Welcome to part three of the revenue management series. If you missed part one where we discussed the basics of revenue management and measurement metrics, or part two where we covered dynamic pricing as a first step, you may want to go back to catch up. In this segment, we’ll go over setting stay restrictions.
STEP 2: SETTING STAY RESTRICTIONS
In addition to establishing Dynamic Pricing, there are a few other non-pricing methods you can use to increase revenue and profits. One such method is setting stay restrictions and controls, which helps you maximize revenue potential through managing busy peak days and adjoining shoulder days. The two main restrictions used in the hotel industry are:
Minimum length of stay (MinLOS)
This restrictor requires that a reservation is made for at least a specified number of consecutive nights. It allows you to develop a relatively even occupancy pattern during high demand periods or special events. Specifically, the minimum length of stay restriction helps keep an occupancy peak on one day from reducing occupancy on shoulder dates.
MinLOS can also be applied with discount rates. For example, guests may have to pay rack rates for shorter stays but they can enjoy a discount on longer stays.
Closed to arrival (CTA)
This restrictor keeps guests from arriving on a specified date. You’ll use CTA in two cases:
- To limit the number of arrivals on a given day (to reduce the burden on your front desk, for example, in preparation for a large group arrival).
- In conjunction with MinLOS restrictions, to achieve even occupancy during peak demand dates that are longer than 1 night.
In general, stay restrictions allow hotels to filter less profitable clients during peak demand seasons, thus increasing the resulting room revenue. It is important to note that these restrictions should only be used when estimated sales flow is sufficient enough to achieve high occupancy without the loss of revenue.
The purpose of booking channel management is to maximize your revenue by restricting certain distribution channels with different profitability margins at different times.
STEP 3: MANAGING BOOKING CHANNELS
Hospitality operators have various booking channels with which to apply their pricing distribution practices, including direct bookings, walk-ins, online travel sites, travel agencies, opaque channels, corporate contracts, and others. The purpose of booking channel management is to maximize your revenue by restricting certain distribution channels with different profitability margins at different times.
Different distribution channels are configured into a small number of groups, each managed simultaneously. As in the case of high demand, it may be beneficial for you to close less profitable distribution channels in order to maximize the resulting yield. This will slow down your property’s booking pace but will increase the resulting room revenue via the ADR growth.
How it works:
Booking channels are represented in a hotel’s Property Management System (PMS) through Rate Plans. Many of these rate plans are manageable (i.e. can be closed or opened at a specific point in time for a specific date range). For effective Revenue Management, it is important to have a full list of all rate plans with corresponding margins and discounts off of rack (also known as ‘the BAR rate’) then to group them into 3 or 4 categories based on their profitability level (or, their “proximity” to rack rate). After that, manage these by closing the more expensive (and least profitable) channels when demand and booking pace is high. Then sit back and watch your ADR go up during the high demand periods, which leads to a proportional increase of your profits.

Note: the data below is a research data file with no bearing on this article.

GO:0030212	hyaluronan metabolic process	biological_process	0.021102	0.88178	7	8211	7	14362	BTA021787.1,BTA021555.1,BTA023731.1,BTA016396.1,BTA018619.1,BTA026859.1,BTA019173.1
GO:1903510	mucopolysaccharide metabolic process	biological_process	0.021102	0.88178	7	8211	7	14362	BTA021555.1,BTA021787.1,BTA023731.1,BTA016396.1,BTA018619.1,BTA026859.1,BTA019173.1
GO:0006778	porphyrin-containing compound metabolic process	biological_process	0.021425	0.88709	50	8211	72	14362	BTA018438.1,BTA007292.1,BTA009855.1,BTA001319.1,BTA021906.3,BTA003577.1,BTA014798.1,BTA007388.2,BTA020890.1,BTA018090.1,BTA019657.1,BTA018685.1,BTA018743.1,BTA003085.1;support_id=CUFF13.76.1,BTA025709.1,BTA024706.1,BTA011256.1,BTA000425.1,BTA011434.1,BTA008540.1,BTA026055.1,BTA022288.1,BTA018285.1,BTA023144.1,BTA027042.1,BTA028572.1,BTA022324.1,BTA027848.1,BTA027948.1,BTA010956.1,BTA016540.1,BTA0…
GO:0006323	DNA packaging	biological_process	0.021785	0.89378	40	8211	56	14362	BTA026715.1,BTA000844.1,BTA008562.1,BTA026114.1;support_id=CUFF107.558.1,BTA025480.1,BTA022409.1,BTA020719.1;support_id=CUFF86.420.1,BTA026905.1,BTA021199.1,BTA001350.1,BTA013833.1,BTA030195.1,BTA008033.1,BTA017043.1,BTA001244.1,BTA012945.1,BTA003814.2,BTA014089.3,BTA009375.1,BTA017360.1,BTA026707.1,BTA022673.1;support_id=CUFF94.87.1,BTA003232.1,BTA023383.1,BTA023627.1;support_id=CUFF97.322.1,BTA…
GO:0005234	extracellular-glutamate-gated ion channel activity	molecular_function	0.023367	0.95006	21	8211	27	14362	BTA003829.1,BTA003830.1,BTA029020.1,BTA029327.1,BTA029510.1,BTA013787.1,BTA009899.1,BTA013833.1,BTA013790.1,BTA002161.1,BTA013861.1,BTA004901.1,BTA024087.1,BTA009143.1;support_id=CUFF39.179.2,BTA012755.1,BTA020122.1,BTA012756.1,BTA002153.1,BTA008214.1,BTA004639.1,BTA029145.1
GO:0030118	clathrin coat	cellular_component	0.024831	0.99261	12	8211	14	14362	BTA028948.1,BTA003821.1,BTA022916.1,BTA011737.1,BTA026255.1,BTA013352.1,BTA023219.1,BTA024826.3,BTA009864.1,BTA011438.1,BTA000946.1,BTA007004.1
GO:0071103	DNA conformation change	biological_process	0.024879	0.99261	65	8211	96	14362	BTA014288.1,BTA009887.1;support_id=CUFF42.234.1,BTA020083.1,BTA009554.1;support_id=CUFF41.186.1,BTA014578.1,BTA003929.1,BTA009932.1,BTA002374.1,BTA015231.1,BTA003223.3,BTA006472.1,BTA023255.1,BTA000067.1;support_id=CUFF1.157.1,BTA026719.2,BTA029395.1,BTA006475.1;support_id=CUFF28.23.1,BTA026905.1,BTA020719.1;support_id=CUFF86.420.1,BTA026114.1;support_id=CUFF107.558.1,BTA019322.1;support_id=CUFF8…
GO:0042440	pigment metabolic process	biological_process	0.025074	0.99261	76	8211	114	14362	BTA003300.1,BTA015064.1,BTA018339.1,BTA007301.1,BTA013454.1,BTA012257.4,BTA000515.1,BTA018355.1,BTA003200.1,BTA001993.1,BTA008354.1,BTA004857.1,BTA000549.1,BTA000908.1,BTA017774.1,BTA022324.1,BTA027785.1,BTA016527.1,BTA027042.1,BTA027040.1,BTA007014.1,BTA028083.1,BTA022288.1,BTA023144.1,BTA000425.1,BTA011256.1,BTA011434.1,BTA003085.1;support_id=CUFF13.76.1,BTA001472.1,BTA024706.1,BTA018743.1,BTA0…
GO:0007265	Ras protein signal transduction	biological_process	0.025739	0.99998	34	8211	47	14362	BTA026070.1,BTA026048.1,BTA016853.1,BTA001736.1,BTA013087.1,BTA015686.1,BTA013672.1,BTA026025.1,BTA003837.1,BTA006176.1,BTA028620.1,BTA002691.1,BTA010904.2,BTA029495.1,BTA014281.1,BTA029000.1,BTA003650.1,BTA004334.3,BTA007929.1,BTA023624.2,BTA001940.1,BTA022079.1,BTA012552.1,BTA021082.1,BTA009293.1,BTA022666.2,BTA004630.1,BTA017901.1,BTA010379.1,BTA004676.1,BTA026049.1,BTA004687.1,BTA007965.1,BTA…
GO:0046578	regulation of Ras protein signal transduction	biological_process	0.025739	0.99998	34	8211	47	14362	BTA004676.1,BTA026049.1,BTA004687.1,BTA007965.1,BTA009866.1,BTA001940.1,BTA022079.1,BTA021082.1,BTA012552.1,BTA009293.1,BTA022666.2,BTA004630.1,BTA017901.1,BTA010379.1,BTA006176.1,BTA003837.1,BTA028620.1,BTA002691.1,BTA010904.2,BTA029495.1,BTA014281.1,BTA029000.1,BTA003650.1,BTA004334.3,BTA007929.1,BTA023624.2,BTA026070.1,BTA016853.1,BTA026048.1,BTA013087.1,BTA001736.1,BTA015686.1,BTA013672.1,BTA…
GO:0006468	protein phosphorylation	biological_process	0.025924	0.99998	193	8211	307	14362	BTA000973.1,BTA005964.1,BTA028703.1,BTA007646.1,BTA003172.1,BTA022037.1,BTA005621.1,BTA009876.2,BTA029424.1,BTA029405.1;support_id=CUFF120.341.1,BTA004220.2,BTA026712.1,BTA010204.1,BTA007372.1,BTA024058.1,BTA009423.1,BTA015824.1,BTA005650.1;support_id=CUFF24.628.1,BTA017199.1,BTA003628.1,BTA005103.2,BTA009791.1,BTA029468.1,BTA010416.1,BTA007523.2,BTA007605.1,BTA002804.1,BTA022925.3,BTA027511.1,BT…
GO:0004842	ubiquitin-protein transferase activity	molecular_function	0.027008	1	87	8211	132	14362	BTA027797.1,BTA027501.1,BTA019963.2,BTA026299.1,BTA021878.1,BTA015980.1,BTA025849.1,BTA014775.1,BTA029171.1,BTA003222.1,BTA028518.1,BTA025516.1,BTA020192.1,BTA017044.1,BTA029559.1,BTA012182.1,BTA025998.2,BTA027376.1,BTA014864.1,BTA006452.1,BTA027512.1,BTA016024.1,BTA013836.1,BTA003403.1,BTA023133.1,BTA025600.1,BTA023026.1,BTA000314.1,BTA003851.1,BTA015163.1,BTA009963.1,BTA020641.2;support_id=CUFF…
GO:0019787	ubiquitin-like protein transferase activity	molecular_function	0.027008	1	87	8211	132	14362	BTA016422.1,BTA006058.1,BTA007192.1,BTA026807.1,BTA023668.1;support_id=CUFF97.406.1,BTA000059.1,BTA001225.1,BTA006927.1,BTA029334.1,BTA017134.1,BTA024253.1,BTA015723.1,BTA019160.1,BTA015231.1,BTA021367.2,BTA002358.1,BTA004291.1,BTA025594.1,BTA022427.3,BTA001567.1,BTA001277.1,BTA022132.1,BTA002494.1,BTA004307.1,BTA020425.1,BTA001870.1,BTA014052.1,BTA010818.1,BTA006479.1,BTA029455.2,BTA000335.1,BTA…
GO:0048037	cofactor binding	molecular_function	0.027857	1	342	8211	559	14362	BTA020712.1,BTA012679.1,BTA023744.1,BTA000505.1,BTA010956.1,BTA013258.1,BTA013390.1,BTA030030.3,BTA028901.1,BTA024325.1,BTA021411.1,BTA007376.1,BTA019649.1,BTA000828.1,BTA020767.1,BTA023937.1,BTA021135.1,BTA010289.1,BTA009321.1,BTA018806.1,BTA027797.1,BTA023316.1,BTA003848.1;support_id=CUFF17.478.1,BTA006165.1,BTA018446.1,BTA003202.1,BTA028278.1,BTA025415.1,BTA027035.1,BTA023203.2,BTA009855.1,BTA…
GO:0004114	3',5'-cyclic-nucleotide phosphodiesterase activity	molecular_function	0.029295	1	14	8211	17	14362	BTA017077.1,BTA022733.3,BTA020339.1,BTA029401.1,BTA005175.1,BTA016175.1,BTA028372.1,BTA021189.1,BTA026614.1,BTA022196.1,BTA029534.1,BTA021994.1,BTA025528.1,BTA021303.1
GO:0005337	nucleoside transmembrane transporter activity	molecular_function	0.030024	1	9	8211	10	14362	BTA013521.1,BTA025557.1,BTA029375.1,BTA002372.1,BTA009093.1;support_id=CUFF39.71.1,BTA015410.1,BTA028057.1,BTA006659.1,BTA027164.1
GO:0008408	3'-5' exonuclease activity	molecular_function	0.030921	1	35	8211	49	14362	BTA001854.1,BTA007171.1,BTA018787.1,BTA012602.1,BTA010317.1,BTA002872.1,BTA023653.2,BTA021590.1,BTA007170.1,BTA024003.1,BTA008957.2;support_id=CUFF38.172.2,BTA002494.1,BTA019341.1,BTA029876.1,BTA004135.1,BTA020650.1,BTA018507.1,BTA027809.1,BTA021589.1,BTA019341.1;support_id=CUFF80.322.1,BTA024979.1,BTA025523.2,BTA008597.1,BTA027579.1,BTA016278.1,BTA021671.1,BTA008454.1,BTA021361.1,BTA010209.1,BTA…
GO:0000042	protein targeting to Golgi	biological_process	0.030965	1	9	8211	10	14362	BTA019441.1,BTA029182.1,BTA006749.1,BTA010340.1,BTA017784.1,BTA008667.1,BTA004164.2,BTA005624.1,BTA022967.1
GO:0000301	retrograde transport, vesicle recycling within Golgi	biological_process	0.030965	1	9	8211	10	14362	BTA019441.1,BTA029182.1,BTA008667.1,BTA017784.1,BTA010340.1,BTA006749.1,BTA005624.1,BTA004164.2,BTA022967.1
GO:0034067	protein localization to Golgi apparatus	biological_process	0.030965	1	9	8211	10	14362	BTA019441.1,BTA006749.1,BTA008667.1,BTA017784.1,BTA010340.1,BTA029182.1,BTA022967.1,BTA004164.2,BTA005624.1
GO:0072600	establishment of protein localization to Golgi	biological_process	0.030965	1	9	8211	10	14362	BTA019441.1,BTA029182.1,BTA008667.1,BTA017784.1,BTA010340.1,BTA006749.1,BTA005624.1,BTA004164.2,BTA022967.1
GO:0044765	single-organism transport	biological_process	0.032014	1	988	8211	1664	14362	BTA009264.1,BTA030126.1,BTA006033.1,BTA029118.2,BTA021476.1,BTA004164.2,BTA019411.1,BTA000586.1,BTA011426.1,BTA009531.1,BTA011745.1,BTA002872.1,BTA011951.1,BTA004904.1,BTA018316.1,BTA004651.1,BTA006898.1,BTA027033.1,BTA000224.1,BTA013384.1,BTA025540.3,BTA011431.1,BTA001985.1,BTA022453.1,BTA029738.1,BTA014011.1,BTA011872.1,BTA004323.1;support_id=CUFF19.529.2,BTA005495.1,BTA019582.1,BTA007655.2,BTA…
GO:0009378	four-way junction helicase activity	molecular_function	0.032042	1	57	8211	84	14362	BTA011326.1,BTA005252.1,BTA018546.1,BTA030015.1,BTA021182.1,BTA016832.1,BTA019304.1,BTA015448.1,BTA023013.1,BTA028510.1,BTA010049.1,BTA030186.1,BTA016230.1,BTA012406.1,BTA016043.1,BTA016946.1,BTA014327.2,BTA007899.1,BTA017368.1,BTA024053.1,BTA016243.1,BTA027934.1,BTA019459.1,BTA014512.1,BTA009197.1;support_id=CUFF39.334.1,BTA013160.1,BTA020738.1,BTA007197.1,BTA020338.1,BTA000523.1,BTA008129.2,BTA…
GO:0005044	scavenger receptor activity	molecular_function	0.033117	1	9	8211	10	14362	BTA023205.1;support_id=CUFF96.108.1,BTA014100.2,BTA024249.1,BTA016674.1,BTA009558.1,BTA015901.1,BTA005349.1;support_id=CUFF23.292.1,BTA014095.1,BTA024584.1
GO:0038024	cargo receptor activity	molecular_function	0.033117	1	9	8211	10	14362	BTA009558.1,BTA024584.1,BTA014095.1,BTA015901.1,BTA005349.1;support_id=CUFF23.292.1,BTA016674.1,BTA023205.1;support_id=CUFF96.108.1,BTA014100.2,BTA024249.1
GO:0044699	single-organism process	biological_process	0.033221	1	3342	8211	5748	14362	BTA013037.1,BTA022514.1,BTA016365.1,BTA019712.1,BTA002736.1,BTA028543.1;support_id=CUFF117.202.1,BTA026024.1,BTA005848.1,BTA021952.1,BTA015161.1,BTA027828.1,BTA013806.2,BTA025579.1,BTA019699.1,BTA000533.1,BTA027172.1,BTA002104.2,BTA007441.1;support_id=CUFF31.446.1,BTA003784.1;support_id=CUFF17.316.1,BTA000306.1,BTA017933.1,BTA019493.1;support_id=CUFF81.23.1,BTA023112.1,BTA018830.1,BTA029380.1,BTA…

Let me give you an example of effective channel management to illustrate how this works:
Let’s imagine that a hotel has 6 different rate plans (this is simplified for the sake of the example, as we know in actuality this number can go up to 20-30 or even 50 in many cases). The rate plans are: RACK, AAA (5% off Rack), AP (15% off Rack promo), OTA (20% off Rack), OPAQUE (30% off Rack), LASTMIN (35% off Rack).
Looking at these rate codes, one can see they’re not equal in the size of contribution to the bottom line profits. With that in mind, let’s group these plans into 3 different categories, based on their profitability level (from the least expensive and most profitable channels to the most expensive and least profitable):
RACK, AAA – group #1
AP, OTA – group #2
OPAQUE, LASTMIN – group #3
When this exercise is done, simply start managing your channels by closing groups #3 and #2 for those dates where you can sell your rooms via group #1 alone, without having to offer deeper discounts. I.e., if your weekends always sell out, you may try to restrict group #3 from booking those dates and see how this affects your occupancy and resulting ADR. For higher demand dates (special events) you can close groups #3 and #2 altogether. Group #1 will always remain open.
Make sure to check back periodically for cases when the channels need to be re-open, if real demand turns out to be slower than anticipated.
There’s one more thing to keep in mind as you open and close these various booking channels. In some cases, you may be unwilling to close a particular rate code, due to contracts with different companies that require Last Room Availability, or brand policies, etc. Place those in category #1, which is not closeable. Everything else should be split among your other categories, according to profit margins, and managed as described above.
Stay on the lookout for our next post where we’ll be covering the technique of overselling and managing group and corporate business.